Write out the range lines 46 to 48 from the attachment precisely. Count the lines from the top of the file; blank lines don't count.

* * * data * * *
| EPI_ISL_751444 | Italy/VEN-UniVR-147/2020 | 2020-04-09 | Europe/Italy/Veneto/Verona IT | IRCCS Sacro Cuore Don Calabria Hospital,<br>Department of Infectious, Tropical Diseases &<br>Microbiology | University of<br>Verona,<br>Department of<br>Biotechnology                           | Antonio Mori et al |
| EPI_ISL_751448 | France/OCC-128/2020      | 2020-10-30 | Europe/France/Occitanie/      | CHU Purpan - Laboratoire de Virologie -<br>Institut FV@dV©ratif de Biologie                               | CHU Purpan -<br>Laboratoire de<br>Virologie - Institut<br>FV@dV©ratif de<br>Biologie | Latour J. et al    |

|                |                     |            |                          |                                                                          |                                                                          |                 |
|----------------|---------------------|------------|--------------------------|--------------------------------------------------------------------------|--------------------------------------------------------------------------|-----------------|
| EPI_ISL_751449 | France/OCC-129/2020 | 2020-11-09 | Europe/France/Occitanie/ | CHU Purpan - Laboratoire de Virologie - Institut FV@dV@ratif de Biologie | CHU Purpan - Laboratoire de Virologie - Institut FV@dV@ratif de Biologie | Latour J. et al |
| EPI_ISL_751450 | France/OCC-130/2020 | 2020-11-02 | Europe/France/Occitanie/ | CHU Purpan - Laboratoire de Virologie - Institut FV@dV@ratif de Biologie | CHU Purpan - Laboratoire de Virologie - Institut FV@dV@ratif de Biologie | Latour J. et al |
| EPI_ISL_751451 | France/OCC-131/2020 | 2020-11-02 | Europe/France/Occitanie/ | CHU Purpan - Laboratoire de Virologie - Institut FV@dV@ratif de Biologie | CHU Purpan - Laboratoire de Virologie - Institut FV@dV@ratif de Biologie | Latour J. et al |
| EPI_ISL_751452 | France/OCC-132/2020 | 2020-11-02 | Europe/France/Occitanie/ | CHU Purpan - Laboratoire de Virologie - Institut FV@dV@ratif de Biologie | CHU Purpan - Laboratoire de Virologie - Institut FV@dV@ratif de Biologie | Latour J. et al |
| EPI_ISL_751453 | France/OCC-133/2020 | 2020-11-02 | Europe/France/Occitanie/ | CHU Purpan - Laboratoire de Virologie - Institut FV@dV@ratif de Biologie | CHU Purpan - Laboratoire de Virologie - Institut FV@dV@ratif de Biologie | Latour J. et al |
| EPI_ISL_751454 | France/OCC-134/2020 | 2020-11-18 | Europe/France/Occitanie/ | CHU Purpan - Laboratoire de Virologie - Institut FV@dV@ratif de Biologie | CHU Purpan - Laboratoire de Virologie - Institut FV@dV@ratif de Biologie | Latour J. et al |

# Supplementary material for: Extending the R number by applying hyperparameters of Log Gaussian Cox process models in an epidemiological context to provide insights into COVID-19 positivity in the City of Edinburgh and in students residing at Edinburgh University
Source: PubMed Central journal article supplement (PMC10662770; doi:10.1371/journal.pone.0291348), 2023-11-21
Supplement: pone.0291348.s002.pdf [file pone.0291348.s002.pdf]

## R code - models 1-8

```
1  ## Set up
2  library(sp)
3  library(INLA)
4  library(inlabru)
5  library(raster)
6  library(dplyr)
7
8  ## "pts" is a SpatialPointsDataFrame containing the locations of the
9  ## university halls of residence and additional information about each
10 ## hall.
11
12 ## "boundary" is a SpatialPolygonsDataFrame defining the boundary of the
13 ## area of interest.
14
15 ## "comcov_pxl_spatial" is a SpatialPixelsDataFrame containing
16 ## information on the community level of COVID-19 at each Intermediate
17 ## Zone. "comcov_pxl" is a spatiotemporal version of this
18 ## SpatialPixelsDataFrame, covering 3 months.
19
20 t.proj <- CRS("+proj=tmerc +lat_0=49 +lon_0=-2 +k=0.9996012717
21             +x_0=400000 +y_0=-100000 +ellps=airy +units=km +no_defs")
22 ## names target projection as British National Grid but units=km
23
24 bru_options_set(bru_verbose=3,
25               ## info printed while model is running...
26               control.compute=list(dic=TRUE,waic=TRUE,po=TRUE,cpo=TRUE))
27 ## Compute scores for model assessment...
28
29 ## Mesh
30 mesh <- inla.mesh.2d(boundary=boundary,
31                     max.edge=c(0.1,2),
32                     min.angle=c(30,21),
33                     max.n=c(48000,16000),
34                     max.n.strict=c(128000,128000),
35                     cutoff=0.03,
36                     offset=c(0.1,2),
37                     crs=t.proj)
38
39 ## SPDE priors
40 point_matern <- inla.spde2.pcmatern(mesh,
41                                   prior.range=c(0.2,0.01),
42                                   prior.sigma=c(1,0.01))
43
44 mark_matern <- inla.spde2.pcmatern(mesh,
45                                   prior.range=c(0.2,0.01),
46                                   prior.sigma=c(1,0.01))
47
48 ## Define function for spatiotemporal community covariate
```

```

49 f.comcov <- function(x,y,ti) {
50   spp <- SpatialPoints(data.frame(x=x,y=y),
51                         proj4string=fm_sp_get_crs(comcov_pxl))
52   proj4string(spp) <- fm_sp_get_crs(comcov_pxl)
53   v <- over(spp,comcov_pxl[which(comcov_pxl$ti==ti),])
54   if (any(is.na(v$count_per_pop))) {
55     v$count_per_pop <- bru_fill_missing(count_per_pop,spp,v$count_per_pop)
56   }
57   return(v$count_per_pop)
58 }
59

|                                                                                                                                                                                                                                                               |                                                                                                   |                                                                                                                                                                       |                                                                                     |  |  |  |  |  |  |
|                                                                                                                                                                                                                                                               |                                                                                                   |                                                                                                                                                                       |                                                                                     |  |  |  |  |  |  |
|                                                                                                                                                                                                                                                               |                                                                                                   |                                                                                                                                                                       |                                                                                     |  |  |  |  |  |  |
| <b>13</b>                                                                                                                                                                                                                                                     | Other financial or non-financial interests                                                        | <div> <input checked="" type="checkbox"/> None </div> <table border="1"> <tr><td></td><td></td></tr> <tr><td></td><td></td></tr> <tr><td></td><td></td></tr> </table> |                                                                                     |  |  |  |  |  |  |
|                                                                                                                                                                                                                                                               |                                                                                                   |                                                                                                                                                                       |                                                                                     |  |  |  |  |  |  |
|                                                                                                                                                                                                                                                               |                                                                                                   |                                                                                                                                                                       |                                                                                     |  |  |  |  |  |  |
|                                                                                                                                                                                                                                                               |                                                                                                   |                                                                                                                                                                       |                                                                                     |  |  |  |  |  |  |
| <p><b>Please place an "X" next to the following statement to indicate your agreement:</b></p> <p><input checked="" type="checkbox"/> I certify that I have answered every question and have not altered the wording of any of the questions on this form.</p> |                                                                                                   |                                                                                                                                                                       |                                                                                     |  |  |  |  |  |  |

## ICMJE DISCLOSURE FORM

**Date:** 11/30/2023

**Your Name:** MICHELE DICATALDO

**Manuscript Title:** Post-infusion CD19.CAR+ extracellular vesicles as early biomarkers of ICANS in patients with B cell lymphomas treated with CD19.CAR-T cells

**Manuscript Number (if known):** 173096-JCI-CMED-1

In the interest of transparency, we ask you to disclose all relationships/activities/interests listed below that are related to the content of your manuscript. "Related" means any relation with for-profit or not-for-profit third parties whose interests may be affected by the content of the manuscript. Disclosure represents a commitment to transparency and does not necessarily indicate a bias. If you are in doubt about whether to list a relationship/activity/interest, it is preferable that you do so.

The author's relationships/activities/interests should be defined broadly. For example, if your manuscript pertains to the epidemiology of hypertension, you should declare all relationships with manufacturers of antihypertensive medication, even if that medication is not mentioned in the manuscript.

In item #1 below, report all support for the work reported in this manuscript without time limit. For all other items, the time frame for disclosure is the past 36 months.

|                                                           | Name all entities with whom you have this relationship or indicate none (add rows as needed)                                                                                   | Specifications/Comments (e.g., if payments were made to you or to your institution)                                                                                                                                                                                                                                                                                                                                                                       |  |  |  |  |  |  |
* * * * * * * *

31                     max.edge=c(0.1,2),
32                     min.angle=c(30,21),
33                     max.n=c(48000,16000),